Oracle intensifies database war with 9i release

Oracle Corp. is set to launch a new version of its flagship database Thursday morning, a product that includes high-end features designed to help Oracle shore up its narrow lead against archrival IBM Corp.

Called Oracle 9i, the database includes a new clustering feature designed to make it easier for customers to add new servers as demand increases. It also includes business intelligence tools for analyzing data, and new manageability features designed to cut costs for users and make its product easier to use, Oracle officials have said.

What Oracle hasn’t discussed yet – and what customers will be waiting eagerly to hear about today – is how the product will be priced. The vendor has come under fire for a pricing scheme that is both unpredictable and hard to fathom, and users will be hoping for a clearer pricing structure with the new release, said Betsy Burton, a database analyst with Gartner Inc.

Oracle chairman and CEO Larry Ellison is scheduled to announce the worldwide availability of the database at a press conference Thursday morning at Oracle’s Redwood Shores, Calif. headquarters.

Beyond its traditional markets Oracle hopes the new release will help it garner new business among service providers, and in particular among companies that host software applications for businesses, said Bob Shimp, senior director of Oracle 9i marketing, in an interview earlier this week. To that end, 9i has a new feature called Virtual Private Database, a security feature designed to help service providers keep data from multiple businesses separate.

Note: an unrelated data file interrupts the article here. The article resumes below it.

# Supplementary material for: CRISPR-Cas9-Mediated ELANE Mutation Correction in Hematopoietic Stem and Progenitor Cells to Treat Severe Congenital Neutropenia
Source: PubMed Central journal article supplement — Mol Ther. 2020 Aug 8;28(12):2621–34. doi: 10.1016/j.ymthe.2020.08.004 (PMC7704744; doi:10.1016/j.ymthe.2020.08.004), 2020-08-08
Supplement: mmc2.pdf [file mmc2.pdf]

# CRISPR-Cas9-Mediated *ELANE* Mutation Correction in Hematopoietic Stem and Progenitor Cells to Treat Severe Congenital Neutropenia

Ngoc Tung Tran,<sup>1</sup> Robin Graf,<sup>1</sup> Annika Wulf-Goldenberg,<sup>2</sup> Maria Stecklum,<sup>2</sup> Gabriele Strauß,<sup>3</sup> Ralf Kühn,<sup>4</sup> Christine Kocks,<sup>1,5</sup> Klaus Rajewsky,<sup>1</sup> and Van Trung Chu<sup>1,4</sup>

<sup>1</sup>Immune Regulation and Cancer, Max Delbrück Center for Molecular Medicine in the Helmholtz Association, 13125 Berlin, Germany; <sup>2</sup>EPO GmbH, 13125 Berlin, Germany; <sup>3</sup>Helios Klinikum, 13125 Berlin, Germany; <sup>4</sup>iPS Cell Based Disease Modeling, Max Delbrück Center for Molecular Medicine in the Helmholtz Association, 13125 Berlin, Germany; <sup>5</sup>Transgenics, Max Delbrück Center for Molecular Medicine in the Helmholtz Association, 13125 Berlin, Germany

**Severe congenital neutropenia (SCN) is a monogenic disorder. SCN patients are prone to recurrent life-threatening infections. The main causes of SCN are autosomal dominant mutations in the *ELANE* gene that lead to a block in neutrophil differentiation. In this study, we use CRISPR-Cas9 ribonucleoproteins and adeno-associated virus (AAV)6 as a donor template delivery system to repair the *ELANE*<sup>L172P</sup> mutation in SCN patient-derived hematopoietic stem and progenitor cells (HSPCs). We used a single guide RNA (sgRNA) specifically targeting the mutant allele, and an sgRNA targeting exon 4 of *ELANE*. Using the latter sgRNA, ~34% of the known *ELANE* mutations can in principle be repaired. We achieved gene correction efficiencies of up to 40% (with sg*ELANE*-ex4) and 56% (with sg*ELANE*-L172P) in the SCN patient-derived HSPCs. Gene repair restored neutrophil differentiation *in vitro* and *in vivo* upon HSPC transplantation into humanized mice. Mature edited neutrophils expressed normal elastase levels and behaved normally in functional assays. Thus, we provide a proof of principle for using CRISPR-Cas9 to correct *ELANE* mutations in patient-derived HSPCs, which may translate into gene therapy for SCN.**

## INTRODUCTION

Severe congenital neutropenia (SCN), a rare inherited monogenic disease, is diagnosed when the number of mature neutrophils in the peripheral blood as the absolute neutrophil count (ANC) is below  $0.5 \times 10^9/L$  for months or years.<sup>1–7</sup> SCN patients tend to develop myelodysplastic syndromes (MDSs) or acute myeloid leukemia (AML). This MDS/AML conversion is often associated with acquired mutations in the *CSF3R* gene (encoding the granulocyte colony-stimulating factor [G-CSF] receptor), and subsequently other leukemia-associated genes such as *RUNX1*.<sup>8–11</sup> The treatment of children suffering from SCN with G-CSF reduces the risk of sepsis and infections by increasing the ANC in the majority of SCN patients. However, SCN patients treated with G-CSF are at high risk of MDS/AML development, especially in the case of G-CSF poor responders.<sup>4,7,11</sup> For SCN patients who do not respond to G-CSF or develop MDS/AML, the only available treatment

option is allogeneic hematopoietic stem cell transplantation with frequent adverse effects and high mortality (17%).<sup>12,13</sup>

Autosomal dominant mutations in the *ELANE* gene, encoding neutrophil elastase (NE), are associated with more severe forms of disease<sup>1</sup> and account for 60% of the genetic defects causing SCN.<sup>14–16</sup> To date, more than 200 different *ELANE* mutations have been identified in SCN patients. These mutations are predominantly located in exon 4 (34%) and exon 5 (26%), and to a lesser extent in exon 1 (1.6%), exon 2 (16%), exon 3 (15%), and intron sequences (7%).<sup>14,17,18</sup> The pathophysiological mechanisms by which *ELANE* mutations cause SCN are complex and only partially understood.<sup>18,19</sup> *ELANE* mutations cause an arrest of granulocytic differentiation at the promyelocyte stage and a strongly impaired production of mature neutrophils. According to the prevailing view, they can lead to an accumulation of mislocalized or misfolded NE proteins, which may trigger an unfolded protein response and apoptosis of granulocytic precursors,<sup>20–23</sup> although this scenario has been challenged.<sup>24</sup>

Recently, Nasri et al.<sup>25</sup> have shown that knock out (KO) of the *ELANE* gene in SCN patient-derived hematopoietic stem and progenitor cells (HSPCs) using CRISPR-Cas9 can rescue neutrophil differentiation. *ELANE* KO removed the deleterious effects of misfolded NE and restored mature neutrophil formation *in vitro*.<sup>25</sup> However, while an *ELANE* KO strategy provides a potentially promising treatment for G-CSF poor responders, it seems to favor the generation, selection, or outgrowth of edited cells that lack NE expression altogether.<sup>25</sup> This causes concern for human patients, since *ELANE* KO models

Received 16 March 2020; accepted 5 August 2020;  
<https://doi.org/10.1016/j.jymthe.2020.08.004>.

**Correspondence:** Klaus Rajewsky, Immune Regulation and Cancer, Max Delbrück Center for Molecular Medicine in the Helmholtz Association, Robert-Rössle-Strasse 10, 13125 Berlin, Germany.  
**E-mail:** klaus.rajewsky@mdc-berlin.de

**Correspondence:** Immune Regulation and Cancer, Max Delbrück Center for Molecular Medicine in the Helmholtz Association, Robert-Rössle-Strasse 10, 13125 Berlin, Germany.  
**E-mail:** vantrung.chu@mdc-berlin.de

“We see (the service provider market) as an opportunity to meet the needs of small and medium-size businesses that might otherwise consider (Microsoft Corp.’s) SQL Server,” Shimp said. In other words, when customers use applications hosted on Oracle servers, that’s one less potential sale for Microsoft, he said.

The second new market Oracle hopes to plumb is for customers migrating away from IBM’s DB2 database running on mainframe computers, Shimp said. A feature in 9i called Data Guard, which makes it easier to access a backup database in the event a primary server goes off-line, along with the applications clustering feature, should help Oracle in this high-end market, he said.

Gartner’s Burton was skeptical of Oracle’s ability to steal business from IBM, primarily because Oracle’s prices are higher, she said. In fact, she added, Oracle has “left the door open” for IBM and Microsoft to steal some of its business, in large part because of its prices.

“The people I talk to doing a point comparison between DB2 and Oracle say that on the same platform, Oracle is two to two and a half times the price of DB2,” she said.

On the whole Burton spoke favorably of Oracle 9i. Oracle hasn’t had a good reputation for its manageability, and improvements in this area will go down well, she said. Gartner estimates that only 5 percent to 10 percent of Oracle’s customers use clustering, so that feature – dubbed Real Application Clusters – will have minimal impact in the short term but eventually could make clustering more popular, she said.